Island's festival of speed leaves trail of deaths: The Isle of Man is visited by 30,000 motorcycle racing fans each year, but many never return home
Friday 11 June 1993
Another fatality on this 37-mile course yesterday has officially made 1993 the blackest in the 86-year history of the races.
Inquests have already started on the 10 young men and one woman who lost their lives.
An inquiry has been promised into the race meeting by the David North, the Manx highways minister
More than 30,000 fans arrive annually for what the local tourist board bills as a festival of speed. This year the visitors brought 12,000 motorcycles with them to the 227-square mile island.
The TT course runs over the island's main roads, which are closed to the public during races.
In keeping with the tradition set since the first TT race in 1907, the fans constantly lap the circuit taking advantage of the absence of an overall speed limit.
Also tragically in keeping with recent years, some of the fans pay the ultimate price for the TT experience.
On narrow country roads crammed with thousands of high-powered machines, collisions are inevitable. The first of these happened last Friday when 35-year-old Shane Lyons from Dublin became the first victim of the annual meeting.
An inquest was told that he rode his 750cc machine around Handley's Corner on the northern section of the course at 130mph.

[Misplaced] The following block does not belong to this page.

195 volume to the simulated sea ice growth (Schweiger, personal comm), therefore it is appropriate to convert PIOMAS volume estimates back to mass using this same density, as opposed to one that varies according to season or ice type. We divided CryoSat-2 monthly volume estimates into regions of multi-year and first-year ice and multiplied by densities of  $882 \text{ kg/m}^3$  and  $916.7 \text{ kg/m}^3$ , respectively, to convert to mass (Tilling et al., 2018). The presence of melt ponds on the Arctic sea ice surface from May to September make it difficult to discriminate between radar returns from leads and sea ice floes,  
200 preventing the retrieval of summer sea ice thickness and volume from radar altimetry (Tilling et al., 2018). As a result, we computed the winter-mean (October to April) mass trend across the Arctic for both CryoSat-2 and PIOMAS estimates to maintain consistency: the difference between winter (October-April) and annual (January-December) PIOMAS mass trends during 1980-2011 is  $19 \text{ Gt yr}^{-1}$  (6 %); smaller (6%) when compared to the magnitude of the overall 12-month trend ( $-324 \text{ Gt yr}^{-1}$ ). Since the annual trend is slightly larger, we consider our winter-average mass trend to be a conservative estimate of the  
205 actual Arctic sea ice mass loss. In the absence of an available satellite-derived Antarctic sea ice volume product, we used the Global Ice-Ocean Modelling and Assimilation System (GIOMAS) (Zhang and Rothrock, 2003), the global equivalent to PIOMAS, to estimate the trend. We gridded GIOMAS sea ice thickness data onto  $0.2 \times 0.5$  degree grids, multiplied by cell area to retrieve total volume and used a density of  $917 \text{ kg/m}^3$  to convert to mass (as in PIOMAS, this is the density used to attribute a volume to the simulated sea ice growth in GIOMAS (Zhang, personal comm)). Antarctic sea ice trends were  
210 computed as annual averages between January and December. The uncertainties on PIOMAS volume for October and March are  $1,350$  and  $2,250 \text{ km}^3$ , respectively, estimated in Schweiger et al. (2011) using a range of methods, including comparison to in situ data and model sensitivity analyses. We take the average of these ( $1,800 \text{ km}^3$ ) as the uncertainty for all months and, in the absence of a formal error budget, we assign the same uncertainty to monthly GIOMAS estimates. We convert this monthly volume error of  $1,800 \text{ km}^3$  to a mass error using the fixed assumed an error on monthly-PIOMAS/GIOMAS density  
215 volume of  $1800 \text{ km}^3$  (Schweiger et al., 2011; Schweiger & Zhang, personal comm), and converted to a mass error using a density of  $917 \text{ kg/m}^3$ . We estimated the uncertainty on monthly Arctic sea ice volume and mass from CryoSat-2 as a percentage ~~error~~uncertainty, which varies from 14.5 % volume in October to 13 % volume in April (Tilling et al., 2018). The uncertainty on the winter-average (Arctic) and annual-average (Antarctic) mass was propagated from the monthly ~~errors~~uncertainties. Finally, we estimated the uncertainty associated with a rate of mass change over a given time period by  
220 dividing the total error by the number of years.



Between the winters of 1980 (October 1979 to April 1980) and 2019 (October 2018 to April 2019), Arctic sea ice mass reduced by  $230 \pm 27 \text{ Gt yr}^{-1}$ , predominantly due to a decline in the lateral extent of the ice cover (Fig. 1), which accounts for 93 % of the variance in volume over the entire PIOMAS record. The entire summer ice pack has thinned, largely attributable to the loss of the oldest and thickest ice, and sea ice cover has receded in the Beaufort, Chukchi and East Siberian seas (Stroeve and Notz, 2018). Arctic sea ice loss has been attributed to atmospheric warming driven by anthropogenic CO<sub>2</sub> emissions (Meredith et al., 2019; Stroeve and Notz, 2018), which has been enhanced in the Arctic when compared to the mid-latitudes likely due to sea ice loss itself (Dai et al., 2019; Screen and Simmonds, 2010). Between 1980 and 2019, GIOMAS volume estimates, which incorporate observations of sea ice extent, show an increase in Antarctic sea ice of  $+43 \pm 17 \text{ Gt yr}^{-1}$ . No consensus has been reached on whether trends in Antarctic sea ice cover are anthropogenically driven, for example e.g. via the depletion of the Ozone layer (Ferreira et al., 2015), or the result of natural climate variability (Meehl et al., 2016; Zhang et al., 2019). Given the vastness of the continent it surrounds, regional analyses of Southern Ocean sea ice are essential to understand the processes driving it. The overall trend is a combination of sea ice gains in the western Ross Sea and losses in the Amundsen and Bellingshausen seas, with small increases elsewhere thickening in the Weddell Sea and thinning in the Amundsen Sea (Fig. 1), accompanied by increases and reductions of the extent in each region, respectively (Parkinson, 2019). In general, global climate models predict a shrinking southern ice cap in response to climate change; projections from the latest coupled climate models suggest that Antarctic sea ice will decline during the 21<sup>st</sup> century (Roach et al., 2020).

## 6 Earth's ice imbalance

He crossed to the wrong side, smashed head-on into a tipper truck and the bike disintegrated. Such was the force, the truck was knocked over a bank and down through the roof of a house.
Police report that many accidents are caused by continental riders forgetting where they are and suddenly switching to the right-hand side of the road.
Two of the dead men were German, and another German has been charged with killing a 24-year-old Newcastle doctor and his girlfriend, a nurse, through reckless driving.
The Isle of Man Constabulary said yesterday that foreign misunderstandings had become a serious problem.
Thousands of German-language signs saying 'Immer Links' (Keep Left) were being ignored by those they were aimed at.
A police spokesman, Inspector Dudley Butt, said: 'Some continental visitors do seem to suffer memory losses.
'In certain panic situations they automatically go for what is to them their safe side, the right.
'I've spoken to several German and French visitors and they confirm that they do pull right when under pressure.'
Insp Butt said there was also the problem of modern machines being too big and fast for riders to handle in the TT setting.
'The speeds they achieve are frightening - quite horrendous,' he added.
'The majority of people do abide by the rules of the road, but a sizeable majority threaten their own lives and those of others.'
Chief Constable Robin Oake, has pledged to ensure no one breaks the law. But he confesses to a love of the races and does not want to dampen enthusiasm for them.
The police are not joining calls for speed restrictions, saying they would be impossible to enforce. Nor is the highways authority. David North said that whatever limit was set would be broken.
But Bruce Hannay, the highways expert charged with safety on the island, said he would be arranging meetings with police as soon as they had details from the 11 inquests.
'We are as saddened and worried about this as everyone else,' he added. 'It's a matter of grave public concern.'
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